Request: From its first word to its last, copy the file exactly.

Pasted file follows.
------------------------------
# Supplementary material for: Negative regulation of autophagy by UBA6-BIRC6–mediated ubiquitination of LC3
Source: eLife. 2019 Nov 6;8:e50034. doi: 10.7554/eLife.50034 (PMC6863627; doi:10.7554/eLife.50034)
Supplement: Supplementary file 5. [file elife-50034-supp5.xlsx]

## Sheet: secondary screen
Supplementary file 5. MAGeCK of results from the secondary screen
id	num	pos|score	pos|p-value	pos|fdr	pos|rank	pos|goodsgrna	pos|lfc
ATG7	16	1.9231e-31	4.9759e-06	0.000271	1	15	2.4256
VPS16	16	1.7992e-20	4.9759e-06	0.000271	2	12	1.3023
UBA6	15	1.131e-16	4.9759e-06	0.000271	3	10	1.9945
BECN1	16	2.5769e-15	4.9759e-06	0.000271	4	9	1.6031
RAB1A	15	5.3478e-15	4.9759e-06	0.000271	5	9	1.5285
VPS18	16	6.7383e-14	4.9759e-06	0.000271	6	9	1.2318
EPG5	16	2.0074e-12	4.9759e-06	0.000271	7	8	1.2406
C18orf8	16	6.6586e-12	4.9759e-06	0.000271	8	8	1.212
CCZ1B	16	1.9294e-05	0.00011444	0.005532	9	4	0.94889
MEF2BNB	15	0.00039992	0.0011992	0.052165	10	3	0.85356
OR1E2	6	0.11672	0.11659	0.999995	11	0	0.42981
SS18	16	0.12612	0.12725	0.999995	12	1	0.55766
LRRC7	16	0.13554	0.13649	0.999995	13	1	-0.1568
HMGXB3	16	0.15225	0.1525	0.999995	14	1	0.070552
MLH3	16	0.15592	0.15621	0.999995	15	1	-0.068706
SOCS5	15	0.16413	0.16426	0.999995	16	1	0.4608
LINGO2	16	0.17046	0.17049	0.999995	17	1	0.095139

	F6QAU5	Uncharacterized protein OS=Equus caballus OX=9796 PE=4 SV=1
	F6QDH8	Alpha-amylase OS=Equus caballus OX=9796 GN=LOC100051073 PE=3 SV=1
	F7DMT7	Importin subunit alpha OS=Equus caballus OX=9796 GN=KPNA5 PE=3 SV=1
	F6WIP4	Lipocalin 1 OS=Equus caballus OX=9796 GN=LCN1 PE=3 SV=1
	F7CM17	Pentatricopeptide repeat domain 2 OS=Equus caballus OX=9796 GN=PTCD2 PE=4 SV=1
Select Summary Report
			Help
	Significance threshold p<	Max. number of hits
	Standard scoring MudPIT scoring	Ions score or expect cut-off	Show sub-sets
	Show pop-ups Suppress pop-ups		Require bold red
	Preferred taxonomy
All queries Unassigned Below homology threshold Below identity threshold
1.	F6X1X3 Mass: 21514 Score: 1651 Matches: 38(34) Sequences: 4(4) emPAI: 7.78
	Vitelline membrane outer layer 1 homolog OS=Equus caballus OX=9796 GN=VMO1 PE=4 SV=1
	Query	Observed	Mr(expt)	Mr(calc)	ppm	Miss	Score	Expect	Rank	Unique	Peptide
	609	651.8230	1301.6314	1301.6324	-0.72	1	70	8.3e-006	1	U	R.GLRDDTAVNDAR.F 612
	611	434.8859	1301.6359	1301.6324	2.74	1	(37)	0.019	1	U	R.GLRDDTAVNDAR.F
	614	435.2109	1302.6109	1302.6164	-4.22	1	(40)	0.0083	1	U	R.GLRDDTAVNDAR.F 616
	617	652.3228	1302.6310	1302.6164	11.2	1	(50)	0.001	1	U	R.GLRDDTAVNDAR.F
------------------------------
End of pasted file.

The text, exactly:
# Supplementary material for: Negative regulation of autophagy by UBA6-BIRC6–mediated ubiquitination of LC3
Source: eLife. 2019 Nov 6;8:e50034. doi: 10.7554/eLife.50034 (PMC6863627; doi:10.7554/eLife.50034)
Supplement: Supplementary file 5. [file elife-50034-supp5.xlsx]

## Sheet: secondary screen
Supplementary file 5. MAGeCK of results from the secondary screen
id	num	pos|score	pos|p-value	pos|fdr	pos|rank	pos|goodsgrna	pos|lfc
ATG7	16	1.9231e-31	4.9759e-06	0.000271	1	15	2.4256
VPS16	16	1.7992e-20	4.9759e-06	0.000271	2	12	1.3023
UBA6	15	1.131e-16	4.9759e-06	0.000271	3	10	1.9945
BECN1	16	2.5769e-15	4.9759e-06	0.000271	4	9	1.6031
RAB1A	15	5.3478e-15	4.9759e-06	0.000271	5	9	1.5285
VPS18	16	6.7383e-14	4.9759e-06	0.000271	6	9	1.2318
EPG5	16	2.0074e-12	4.9759e-06	0.000271	7	8	1.2406
C18orf8	16	6.6586e-12	4.9759e-06	0.000271	8	8	1.212
CCZ1B	16	1.9294e-05	0.00011444	0.005532	9	4	0.94889
MEF2BNB	15	0.00039992	0.0011992	0.052165	10	3	0.85356
OR1E2	6	0.11672	0.11659	0.999995	11	0	0.42981
SS18	16	0.12612	0.12725	0.999995	12	1	0.55766
LRRC7	16	0.13554	0.13649	0.999995	13	1	-0.1568
HMGXB3	16	0.15225	0.1525	0.999995	14	1	0.070552
MLH3	16	0.15592	0.15621	0.999995	15	1	-0.068706
SOCS5	15	0.16413	0.16426	0.999995	16	1	0.4608
LINGO2	16	0.17046	0.17049	0.999995	17	1	0.095139

	F6QAU5	Uncharacterized protein OS=Equus caballus OX=9796 PE=4 SV=1
	F6QDH8	Alpha-amylase OS=Equus caballus OX=9796 GN=LOC100051073 PE=3 SV=1
	F7DMT7	Importin subunit alpha OS=Equus caballus OX=9796 GN=KPNA5 PE=3 SV=1
	F6WIP4	Lipocalin 1 OS=Equus caballus OX=9796 GN=LCN1 PE=3 SV=1
	F7CM17	Pentatricopeptide repeat domain 2 OS=Equus caballus OX=9796 GN=PTCD2 PE=4 SV=1
Select Summary Report
			Help
	Significance threshold p<	Max. number of hits
	Standard scoring MudPIT scoring	Ions score or expect cut-off	Show sub-sets
	Show pop-ups Suppress pop-ups		Require bold red
	Preferred taxonomy
All queries Unassigned Below homology threshold Below identity threshold
1.	F6X1X3 Mass: 21514 Score: 1651 Matches: 38(34) Sequences: 4(4) emPAI: 7.78
	Vitelline membrane outer layer 1 homolog OS=Equus caballus OX=9796 GN=VMO1 PE=4 SV=1
	Query	Observed	Mr(expt)	Mr(calc)	ppm	Miss	Score	Expect	Rank	Unique	Peptide
	609	651.8230	1301.6314	1301.6324	-0.72	1	70	8.3e-006	1	U	R.GLRDDTAVNDAR.F 612
	611	434.8859	1301.6359	1301.6324	2.74	1	(37)	0.019	1	U	R.GLRDDTAVNDAR.F
	614	435.2109	1302.6109	1302.6164	-4.22	1	(40)	0.0083	1	U	R.GLRDDTAVNDAR.F 616
	617	652.3228	1302.6310	1302.6164	11.2	1	(50)	0.001	1	U	R.GLRDDTAVNDAR.F